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High Risk not the usual art gallery Print E-mail
Written by LISA MENZEL   
Thursday, 15 April 2004
After earmarking a digital portrait of a 1965 maraschino-glazed Mustang at the corner mechanic’s garage on Belmont and North Seminary, I noticed the blazing blue scaffolding of where I was headed and quickly lost interest in the car. Something more early-man and impulsive was calling to me.

High Risk Gallery
1113 W. Belmont Ave.
Chicago, IL
(773) 296-6974
Hours: 2 to 8 p.m. Fridays
11 a.m. to 8 p.m. Saturdays
11 a.m. to 6 p.m. Sundays
Light bulbs hung overhead in the archway, which looked to be made by a cartooned electric company as I approached the entrance. I couldn’t see into the immense building, something I found strange. Most galleries in the city are raped with wattage and blanketed with plaster as if authorities aren’t going to recognize foul play. Their rooms shout, " Buy everything on the wall. This is how it will look at home. Move it, you pretentious yuppie: make with the abstract novelty checks."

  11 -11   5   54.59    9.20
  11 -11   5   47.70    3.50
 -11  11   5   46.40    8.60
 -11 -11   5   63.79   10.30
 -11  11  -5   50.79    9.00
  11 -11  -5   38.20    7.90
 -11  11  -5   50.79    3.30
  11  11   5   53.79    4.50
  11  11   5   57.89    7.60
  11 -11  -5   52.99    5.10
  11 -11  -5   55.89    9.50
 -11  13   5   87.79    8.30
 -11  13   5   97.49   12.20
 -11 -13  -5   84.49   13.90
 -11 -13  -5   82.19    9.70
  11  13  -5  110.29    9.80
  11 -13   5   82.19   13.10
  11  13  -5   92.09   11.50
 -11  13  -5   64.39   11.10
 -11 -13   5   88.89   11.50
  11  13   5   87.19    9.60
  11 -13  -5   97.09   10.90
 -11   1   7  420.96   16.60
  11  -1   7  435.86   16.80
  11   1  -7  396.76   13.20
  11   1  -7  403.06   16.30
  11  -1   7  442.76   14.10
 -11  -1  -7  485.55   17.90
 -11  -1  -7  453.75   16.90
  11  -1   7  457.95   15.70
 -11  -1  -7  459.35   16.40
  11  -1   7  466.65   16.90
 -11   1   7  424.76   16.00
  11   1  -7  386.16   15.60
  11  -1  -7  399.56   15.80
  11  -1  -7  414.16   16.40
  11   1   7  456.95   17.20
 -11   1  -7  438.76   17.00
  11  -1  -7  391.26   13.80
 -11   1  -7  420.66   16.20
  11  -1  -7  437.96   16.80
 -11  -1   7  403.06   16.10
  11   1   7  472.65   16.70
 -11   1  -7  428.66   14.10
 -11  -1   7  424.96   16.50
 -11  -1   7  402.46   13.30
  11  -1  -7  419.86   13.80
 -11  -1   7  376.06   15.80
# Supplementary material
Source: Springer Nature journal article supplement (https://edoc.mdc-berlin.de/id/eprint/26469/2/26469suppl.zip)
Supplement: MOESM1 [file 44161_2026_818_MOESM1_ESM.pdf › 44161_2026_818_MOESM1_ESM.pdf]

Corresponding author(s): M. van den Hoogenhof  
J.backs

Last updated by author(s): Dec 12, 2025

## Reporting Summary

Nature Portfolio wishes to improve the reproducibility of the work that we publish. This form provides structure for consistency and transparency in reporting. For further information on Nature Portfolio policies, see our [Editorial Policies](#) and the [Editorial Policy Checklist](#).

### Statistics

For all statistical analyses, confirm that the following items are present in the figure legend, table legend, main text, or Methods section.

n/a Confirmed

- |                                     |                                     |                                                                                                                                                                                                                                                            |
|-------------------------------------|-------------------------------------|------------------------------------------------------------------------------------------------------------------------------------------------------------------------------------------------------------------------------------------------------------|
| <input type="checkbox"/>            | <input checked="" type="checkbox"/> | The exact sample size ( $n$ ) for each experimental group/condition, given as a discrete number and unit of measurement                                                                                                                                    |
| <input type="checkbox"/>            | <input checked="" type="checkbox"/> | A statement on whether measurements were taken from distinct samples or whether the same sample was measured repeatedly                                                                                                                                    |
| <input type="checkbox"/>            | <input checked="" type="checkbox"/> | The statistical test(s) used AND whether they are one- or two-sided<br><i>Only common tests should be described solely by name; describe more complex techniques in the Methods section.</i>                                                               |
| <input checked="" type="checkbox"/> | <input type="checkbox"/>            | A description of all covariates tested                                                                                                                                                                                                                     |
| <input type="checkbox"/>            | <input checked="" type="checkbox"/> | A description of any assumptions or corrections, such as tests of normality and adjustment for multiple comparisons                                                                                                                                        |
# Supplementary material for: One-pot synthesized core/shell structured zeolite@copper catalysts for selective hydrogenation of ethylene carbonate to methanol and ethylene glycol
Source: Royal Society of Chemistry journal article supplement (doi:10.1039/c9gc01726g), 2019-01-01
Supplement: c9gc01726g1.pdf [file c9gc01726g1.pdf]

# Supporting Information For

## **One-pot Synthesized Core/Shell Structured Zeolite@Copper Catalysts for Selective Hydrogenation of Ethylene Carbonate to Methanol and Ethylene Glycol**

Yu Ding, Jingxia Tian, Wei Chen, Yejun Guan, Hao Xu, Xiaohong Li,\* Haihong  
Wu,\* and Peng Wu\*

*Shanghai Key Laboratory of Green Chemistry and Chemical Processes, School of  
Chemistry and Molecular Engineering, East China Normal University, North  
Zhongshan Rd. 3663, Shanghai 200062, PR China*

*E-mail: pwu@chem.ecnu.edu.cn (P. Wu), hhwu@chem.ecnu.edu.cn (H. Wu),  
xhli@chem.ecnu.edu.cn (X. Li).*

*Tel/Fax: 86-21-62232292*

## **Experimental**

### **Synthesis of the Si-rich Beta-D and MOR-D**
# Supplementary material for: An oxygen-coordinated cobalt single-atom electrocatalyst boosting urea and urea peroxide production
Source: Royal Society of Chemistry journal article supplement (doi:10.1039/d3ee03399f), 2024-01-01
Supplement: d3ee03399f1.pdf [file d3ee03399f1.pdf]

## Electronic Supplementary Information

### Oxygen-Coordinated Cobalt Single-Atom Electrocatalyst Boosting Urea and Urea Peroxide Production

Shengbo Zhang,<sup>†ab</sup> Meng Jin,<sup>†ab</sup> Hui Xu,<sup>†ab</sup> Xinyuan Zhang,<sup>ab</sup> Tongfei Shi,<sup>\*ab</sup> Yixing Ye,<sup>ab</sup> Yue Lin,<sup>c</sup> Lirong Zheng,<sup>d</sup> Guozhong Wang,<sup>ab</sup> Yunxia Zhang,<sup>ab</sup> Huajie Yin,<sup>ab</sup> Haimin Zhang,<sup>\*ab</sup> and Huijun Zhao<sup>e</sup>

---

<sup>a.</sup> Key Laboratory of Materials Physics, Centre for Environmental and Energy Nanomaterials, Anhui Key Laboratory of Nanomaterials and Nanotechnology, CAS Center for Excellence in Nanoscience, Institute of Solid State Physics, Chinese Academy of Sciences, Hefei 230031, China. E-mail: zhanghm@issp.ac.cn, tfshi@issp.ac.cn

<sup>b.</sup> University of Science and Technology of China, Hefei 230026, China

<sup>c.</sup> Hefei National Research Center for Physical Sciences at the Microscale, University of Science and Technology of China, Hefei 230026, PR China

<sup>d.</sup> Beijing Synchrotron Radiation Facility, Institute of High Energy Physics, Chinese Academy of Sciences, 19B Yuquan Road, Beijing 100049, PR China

But this place seemed like it was still waiting to be filled with all of that. There’s never even any admission.

When I rang the doorbell, I noticed an apparition of a Pete Townshend-looking man, wearing a dark sweater with the sleeves pushed to the elbows start to grow on the glass. Suddenly, he pushed hand plate on his side, making the hinges wail. He looked at me with a few nods and an intuitive smile that I was the person who came to talk to him for Lumino.

"The door is always open," Rick told me, not the least bit condescendingly, but rather amused at the well-behaved stress I am accustomed to when I enter what I used to think was the art world. I was beginning to see that I had not yet ever really visited there.

Once inside, I saw the backdrop, which looked like a basement that Pollack could work in, filled with an emblazoned generation in different media from the natives of the city. It was collection of a non-biological family, from children to adults, men and women, who would show Chicago to the culture-capsule harvesters that come from everywhere to see if what they hear is true. Whether they be corporeal or otherwise